Research from Daniels faculty shows minorities and their experiences are marginalized

Dan Baack

It’s easy to say that entrepreneurship exists in the land of opportunity, where the streets are paved with gold and all men are created equal.

But that isn’t exactly what Dan Baack found. His study on minority entrepreneurship uncovered a white-male-dominated mindset that tends to diminish the participation and contributions of minorities and women. When it came to entrepreneurship, the wording, “all men,” was being taken too literally.

As with many such studies, this one began with some simple questions and basic observations.

“We noticed that a lot of the communication around entrepreneurship was coded in a way that would be perceived as very white and very male,” said Baack, an associate professor of marketing and co-director of the Executive PhD program at the Daniels College of Business. “We realized there was something to it, and it was something we wanted to explore academically. We wanted to understand why entrepreneurship is seen as male and white, and the role of higher education in perpetuating that sort of image for this field.”

The results of the study were published in a December 2022 issue of the Journal of Business Ethics, in an article titled, “The Invisible Racialized Minority Entrepreneur: Using White Solipsism to Explain the White Space.” Baack conducted the study in partnership with Rosanna Garcia, a former Daniels faculty member, who is now at Worcester Polytechnic Institute.

Baack and Garcia conducted their study in three parts. First, they a reviewed existing academic research and articles on racialized minority entrepreneurship. Then, they analyzed the language and images used on academic entrepreneurship websites. Finally, they conducted an experiment, examining how students responded to that imagery.

The results confirmed the pair’s suspicion that business academics seem to have fallen prey to a white egocentrism, in which white-owned entrepreneurship is seen as the dominant experience. As a result, they found, minorities and their experiences are marginalized.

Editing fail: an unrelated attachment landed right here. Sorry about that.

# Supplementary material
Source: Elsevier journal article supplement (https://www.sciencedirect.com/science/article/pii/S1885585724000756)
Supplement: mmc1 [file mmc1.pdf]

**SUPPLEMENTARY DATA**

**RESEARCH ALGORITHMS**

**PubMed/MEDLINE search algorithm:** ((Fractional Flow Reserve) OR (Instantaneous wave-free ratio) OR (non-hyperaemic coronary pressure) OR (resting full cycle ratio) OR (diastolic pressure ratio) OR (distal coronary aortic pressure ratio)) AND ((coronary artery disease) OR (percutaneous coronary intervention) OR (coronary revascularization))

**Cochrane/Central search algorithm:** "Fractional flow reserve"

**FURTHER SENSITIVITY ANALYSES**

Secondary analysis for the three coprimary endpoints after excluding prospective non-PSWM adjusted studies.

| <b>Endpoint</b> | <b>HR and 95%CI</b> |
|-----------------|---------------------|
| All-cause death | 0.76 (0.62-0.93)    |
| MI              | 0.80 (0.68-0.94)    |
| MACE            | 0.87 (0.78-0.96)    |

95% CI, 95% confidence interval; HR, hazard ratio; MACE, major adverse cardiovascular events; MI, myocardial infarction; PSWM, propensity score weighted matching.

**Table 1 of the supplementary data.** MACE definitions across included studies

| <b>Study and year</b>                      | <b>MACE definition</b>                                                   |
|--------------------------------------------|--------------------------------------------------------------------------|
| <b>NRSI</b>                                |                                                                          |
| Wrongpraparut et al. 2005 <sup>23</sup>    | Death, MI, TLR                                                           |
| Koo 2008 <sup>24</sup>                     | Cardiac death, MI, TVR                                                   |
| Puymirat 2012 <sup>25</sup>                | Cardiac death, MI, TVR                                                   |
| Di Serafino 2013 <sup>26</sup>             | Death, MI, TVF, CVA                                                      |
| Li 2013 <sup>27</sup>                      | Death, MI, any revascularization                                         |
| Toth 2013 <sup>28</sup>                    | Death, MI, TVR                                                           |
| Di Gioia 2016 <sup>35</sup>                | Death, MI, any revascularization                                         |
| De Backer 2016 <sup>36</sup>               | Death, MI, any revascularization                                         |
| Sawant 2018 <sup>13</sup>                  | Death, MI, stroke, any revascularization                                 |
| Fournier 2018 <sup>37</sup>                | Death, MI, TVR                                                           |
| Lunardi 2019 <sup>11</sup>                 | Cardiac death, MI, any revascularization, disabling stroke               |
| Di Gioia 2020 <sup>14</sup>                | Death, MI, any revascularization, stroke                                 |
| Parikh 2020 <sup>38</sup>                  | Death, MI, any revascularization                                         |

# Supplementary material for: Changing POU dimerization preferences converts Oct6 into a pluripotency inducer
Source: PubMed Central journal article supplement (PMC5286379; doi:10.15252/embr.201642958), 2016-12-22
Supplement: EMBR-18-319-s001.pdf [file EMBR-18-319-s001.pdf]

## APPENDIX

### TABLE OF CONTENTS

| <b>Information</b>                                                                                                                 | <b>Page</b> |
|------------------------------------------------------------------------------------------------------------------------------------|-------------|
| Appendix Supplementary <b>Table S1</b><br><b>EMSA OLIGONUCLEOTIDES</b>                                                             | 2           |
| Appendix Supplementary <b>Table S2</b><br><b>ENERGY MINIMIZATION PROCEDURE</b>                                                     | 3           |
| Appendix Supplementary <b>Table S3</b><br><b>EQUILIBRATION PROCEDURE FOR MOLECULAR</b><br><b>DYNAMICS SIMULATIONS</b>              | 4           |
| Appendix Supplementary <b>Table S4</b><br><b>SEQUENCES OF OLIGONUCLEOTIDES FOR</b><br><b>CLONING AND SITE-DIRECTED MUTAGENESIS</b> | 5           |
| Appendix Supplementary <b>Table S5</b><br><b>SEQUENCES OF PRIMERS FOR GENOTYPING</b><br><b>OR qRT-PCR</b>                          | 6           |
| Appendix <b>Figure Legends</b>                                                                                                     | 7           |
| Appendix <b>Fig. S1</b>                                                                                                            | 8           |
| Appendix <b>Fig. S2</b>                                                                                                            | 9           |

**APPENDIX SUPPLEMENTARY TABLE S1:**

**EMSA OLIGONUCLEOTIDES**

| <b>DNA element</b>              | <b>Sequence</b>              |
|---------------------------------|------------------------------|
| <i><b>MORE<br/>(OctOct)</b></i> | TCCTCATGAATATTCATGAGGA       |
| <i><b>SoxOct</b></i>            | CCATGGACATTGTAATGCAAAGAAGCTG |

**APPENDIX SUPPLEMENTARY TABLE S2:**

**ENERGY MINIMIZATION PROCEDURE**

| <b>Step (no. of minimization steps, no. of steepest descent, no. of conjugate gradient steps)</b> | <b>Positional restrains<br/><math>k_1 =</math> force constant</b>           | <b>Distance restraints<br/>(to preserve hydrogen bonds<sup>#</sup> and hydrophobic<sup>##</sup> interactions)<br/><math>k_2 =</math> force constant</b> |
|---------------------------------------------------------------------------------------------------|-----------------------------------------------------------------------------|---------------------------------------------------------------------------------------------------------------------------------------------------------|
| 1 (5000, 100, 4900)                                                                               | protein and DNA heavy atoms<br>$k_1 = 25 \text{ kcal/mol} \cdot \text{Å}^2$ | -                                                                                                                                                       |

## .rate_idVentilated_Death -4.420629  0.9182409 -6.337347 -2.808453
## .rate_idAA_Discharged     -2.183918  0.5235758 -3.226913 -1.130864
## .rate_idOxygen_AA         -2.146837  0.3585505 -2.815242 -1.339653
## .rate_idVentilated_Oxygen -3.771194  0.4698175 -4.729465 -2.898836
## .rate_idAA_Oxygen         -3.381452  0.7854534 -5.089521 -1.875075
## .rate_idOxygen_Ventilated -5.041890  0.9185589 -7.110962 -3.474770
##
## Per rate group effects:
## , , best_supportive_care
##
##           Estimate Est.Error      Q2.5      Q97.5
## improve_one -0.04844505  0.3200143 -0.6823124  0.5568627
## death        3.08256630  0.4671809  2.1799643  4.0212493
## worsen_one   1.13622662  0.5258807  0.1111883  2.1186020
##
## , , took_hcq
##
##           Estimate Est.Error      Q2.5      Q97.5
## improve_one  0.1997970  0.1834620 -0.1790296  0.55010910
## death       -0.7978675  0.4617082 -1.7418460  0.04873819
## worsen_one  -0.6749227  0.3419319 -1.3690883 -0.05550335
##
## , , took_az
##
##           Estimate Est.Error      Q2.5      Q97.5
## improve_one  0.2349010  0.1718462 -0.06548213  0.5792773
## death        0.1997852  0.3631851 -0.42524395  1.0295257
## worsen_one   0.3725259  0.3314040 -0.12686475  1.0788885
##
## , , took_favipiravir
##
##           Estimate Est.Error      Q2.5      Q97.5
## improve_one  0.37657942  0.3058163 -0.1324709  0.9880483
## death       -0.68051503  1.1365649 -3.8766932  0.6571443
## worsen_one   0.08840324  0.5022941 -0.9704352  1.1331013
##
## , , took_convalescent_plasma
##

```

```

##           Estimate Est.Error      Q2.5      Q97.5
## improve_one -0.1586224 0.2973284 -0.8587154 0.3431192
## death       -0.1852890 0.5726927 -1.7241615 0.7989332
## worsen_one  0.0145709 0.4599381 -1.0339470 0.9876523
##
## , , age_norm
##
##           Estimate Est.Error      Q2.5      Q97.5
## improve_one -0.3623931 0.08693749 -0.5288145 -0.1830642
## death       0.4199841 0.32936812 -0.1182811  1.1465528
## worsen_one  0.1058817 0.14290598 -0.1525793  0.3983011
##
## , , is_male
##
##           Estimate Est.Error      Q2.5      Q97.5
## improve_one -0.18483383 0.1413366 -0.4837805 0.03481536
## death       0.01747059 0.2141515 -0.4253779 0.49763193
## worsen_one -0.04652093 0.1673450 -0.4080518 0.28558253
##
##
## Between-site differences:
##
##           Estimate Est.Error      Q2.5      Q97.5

“The first part of the study showed not only a lack of empirical studies, but also that the literature that does exist significantly marginalizes racialized minorities in the entrepreneurship space,” Baack said. “They were typically represented in a ‘less than’ fashion compared to their white counterparts.

“The second and third parts of the study further confirmed that,” Baack continued. “Existing entrepreneurship websites, and images on those websites, very much marginalized both women and racialized minorities.”

The third part of the study, Baack said, was particularly enlightening. A sample of Daniels students provided their feedback in response to manipulated images of minority entrepreneurs on academic entrepreneurial websites.

“We found that simply by changing the imagery of entrepreneur websites—which we had found to be overwhelmingly white—changed perceptions around minority entrepreneurs,” Baack said. “It led to our primary conclusion that changing the way we talk about and depict minority entrepreneurs leads to less marginalization and increases the interest in entrepreneurship in general.”

The experiment portion of the study was conducted with heavy support from the interdisciplinary Daniels Consumer Insights and Business Innovation Center (CiBiC), established to study human behavior, with an emphasis on market-driven results. CiBiC recruited students and led the website experimentation module.

The Journal of Business Ethics article uses precise, carefully chosen language to describe the people and populations it references. The term “racialized minority,” for example, is employed to reflect global differences in minority status.

“In the global context, Asians are a majority group,” Baack said, noting they make up about 60% of the world’s population. “Adopting that mindset helped us further understand how we marginalize what we consider to be minorities in the U.S.”

The study also distinguishes between racialized minorities and immigrants.

“There is arguably more literature that looks at immigrant entrepreneurship than there is looking at racialized minority domestic entrepreneurship,” Baack said. “But immigrant entrepreneurship is a different phenomenon that relates to assimilation, acculturation and segmentation. We excluded that explicitly from the paper because the racial experience of immigrants is very different than the experience of someone who is a racialized minority born here.”

Baack said that in writing the paper, he and Garcia considered multiple theoretical framings before landing on business ethics.

“Our goal wasn’t to call out racism or bad actors,” Baack said. “We thought it was important to be more transparent in this area and to make suggestions for improvement. As an academic community we must do and, in fact, can do better.

“Most important, we have an ethical responsibility to rewrite the narrative of the ‘disadvantaged’ minority entrepreneur that we helped establish in the first place. It starts with better understanding minoritized populations to overcome what has been a natural bias.”